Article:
The Globalization Paradox

I am reading Dani Rodrik’s The Globalization Paradox and borrowed the title for this post.

I am curious as to what Barry Eichengreen has to say in his talk at the Federal Reserve’s annual forum at Jackson Hole, Wyoming. He is the author of the book Exorbitant Privilege: The Rise And Fall Of The Dollar And The Future Of The International Monetary System – one of the books I want to read soon. The phrase Exhorbitant Privilege was coined in the 1960s by the then French Finance Minster Valéry Giscard d’Estaing. The term refers to the high ability of the United States (and directly and indirectly, the United States government) to borrow in US$ to finance its balance of payments deficit.

To some extent, the scale and timing of the Federal Reserve’s emergency operations during the credit crisis which started around 2007 has helped maintaining the hegemony of the US$ for a while and Barry Eichengreen knows that. This United States Government Accountability Office (GAO) report Federal Reserve System – Opportunities Exist To Strengthen Policies And Processes For Managing Emergency Assistance is a nice reference for the kind of operations done by the Fed, especially international swap lines. Many central banks made use of the swap lines and lent large quantities of US$ to the banking system because banks were facing funding issues in dollars.

Back to the Jackson Hole Symposium. Everyone is waiting for the ECB Chairman Jean-Claude Trichet’s talk. Meanwhile Christine Lagarde, IMF’s chief touched on some issues about imbalances in her speech. She rightly points out that

… risks have been aggravated further by a deterioration in confidence and a growing sense that policymakers do not have the conviction, or simply are not willing, to take the decisions that are needed.

which is quite right, IMO because this crisis needs coordination at a scale never seen before. She also points out that

As we all know, a major cause of the crisis was too much debt and leverage in key advanced economies. Financial institutions engaged in practices that magnified, disguised and fragmented risk, while households borrowed too much. Experience tells us that these excesses (combining both housing and financial crises) take a long time to work off—and require decisive action. We have made some progress, but not enough to unshackle growth.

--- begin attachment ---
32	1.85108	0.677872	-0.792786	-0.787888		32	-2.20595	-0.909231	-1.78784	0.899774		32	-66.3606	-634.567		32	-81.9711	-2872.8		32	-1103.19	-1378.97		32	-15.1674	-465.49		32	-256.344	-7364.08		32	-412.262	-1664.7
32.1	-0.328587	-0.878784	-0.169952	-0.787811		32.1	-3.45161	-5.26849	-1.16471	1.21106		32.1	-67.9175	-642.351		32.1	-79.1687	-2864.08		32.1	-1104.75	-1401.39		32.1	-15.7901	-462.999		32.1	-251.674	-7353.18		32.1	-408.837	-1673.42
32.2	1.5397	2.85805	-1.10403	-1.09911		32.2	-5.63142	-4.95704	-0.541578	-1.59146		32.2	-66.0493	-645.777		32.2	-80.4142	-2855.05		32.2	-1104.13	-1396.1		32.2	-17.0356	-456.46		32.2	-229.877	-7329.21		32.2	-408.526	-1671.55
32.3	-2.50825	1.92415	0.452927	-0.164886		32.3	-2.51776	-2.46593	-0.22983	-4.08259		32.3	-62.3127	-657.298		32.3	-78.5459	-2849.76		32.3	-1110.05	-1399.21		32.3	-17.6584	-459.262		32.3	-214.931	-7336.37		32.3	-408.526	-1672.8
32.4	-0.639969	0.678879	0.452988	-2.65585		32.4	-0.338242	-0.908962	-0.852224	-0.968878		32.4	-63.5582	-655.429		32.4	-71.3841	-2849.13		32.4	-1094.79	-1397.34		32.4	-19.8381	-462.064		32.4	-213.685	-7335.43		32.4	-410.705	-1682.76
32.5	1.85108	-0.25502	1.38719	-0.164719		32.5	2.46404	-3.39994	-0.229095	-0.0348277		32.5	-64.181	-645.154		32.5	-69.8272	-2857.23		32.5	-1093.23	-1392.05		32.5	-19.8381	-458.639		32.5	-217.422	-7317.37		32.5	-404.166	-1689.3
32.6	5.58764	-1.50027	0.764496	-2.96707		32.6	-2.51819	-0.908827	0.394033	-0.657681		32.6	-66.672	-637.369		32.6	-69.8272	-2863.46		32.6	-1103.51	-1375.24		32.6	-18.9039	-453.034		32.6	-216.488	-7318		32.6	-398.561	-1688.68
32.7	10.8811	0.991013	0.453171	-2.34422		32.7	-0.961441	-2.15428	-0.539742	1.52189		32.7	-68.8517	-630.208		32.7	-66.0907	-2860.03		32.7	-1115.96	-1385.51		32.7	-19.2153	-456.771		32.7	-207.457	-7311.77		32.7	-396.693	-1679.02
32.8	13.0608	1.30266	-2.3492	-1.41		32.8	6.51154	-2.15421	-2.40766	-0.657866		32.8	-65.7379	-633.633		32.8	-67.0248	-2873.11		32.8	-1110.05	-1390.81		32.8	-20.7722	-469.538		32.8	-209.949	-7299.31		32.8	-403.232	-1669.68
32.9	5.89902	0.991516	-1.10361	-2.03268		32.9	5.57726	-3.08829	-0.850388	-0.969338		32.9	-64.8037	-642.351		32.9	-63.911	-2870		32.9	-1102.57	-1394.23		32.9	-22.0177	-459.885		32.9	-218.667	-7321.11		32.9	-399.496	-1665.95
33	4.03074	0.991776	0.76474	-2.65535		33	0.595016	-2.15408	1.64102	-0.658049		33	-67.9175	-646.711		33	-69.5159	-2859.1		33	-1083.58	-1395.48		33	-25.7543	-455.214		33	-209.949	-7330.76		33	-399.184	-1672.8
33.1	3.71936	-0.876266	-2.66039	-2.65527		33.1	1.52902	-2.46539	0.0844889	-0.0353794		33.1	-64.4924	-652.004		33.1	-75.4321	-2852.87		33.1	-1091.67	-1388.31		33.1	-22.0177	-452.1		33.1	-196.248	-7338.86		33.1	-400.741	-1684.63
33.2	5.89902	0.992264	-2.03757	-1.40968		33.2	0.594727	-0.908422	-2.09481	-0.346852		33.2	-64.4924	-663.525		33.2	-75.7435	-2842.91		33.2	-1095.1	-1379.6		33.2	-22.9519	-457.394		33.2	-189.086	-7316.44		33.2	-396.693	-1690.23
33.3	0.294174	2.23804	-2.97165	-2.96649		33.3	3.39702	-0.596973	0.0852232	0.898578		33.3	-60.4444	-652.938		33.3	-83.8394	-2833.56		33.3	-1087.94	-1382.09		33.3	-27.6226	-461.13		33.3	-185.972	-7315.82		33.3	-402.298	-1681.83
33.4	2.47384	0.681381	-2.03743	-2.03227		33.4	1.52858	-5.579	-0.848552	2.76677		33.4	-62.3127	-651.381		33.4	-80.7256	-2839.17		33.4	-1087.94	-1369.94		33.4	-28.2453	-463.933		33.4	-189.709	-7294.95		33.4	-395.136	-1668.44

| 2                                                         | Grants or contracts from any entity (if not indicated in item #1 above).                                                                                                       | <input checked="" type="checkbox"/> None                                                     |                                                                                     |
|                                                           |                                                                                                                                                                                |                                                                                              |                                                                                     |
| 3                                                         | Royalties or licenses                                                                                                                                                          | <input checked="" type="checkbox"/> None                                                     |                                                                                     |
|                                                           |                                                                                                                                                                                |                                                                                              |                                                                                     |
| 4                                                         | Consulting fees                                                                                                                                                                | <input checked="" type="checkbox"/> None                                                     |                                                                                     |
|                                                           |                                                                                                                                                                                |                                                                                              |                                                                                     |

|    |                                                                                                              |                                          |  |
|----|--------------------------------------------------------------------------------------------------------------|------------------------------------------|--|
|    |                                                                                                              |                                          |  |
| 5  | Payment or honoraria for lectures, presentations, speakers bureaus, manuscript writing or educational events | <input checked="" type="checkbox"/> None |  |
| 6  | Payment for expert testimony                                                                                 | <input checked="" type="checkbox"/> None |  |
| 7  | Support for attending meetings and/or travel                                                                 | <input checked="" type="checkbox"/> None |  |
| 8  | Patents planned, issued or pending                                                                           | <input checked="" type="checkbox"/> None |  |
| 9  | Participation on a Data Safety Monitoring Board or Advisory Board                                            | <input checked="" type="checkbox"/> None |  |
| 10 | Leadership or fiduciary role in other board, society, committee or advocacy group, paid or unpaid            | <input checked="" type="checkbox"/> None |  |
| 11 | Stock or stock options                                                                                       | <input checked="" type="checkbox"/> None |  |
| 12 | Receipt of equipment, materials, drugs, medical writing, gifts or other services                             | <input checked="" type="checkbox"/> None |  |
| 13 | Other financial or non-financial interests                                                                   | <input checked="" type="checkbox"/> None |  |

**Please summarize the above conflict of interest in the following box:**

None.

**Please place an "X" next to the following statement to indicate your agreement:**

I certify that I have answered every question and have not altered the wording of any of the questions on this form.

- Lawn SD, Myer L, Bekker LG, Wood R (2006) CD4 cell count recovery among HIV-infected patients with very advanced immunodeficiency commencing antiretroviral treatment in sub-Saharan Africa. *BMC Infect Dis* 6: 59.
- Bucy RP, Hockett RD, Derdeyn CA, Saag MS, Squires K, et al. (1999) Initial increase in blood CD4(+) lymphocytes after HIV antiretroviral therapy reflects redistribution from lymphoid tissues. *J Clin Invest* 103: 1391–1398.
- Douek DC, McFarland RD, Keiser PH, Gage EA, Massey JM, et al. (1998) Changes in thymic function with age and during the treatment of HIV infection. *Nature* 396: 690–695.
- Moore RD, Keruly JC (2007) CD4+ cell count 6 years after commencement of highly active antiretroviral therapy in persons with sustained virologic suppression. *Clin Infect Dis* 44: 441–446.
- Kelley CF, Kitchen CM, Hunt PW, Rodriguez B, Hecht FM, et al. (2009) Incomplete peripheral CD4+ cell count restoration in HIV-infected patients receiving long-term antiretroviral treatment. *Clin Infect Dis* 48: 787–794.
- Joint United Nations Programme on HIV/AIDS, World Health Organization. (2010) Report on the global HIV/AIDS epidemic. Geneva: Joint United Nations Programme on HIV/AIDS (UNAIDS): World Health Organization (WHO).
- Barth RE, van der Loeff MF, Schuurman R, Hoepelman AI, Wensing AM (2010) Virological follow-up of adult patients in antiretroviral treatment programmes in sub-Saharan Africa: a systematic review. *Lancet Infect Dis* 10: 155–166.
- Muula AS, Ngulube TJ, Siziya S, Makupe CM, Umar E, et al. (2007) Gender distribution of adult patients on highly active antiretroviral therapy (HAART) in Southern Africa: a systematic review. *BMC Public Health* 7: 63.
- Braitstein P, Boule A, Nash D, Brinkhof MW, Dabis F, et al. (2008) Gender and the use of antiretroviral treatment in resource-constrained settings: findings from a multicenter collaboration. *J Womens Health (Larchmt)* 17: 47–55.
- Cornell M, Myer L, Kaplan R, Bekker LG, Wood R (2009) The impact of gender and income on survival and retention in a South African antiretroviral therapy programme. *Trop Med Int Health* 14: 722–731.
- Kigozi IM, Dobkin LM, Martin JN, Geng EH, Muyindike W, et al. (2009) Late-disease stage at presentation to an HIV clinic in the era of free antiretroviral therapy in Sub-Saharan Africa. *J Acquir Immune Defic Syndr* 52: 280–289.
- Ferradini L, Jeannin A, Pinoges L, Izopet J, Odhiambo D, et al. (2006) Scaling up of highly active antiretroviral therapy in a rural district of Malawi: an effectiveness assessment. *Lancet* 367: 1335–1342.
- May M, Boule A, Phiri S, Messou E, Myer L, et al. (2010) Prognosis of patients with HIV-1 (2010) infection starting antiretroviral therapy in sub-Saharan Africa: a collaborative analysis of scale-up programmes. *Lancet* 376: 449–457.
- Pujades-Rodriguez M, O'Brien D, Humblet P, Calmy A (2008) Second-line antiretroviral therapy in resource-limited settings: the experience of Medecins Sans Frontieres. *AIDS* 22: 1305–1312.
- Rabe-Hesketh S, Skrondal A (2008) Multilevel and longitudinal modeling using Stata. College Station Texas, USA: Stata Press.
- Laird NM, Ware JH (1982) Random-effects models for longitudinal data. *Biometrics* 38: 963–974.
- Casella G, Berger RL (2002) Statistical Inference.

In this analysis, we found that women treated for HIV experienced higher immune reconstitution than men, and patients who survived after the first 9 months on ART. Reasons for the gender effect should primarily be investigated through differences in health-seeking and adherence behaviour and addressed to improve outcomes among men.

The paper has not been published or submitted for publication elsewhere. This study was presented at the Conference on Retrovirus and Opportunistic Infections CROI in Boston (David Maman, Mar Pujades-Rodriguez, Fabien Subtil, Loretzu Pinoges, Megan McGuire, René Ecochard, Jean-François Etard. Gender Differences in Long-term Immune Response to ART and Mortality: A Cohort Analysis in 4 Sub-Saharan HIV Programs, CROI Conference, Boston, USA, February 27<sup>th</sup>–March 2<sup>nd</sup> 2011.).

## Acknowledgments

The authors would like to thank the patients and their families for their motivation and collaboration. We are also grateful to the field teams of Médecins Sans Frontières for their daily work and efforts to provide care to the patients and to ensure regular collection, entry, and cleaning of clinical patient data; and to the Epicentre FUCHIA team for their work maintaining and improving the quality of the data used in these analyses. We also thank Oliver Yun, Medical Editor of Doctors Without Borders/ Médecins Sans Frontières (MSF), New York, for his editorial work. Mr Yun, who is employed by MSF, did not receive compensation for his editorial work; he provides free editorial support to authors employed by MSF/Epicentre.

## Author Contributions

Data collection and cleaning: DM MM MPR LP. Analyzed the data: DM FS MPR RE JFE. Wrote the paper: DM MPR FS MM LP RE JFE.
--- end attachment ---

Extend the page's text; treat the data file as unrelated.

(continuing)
I am by no means downplaying what has been done. In 2008, governments took bold action to prevent a calamitous collapse in demand. They offset private contraction with fiscal expansion and used public resources to recapitalize financial institutions. They strengthened financial regulation, and reinforced the capacity and resources of international institutions. And monetary authorities did their part as well.

But today, it is public sector balance sheets themselves that are in the firing line. Today, the headline problems are sovereigns in most advanced economies, banks in Europe, and households in the United States.  Adding to this—global growth is also being held back by policies that slow demand in some key emerging market economies while balance sheet risks are increasing in others.

The fundamental problem is that in these advanced economies, weak growth and weak balance sheets—of governments, financial institutions, and households—are feeding negatively on each other. If growth continues to lose momentum, balance sheet problems will worsen, fiscal sustainability will be threatened, and policy instruments will lose their ability to sustain the recovery.

which is quite right. Fiscal expansion has helped nations recover from the private sector imbalance but fiscal policy alone cannot achieve everything. However, somewhere her message won’t work well because she mentions earlier in her speech that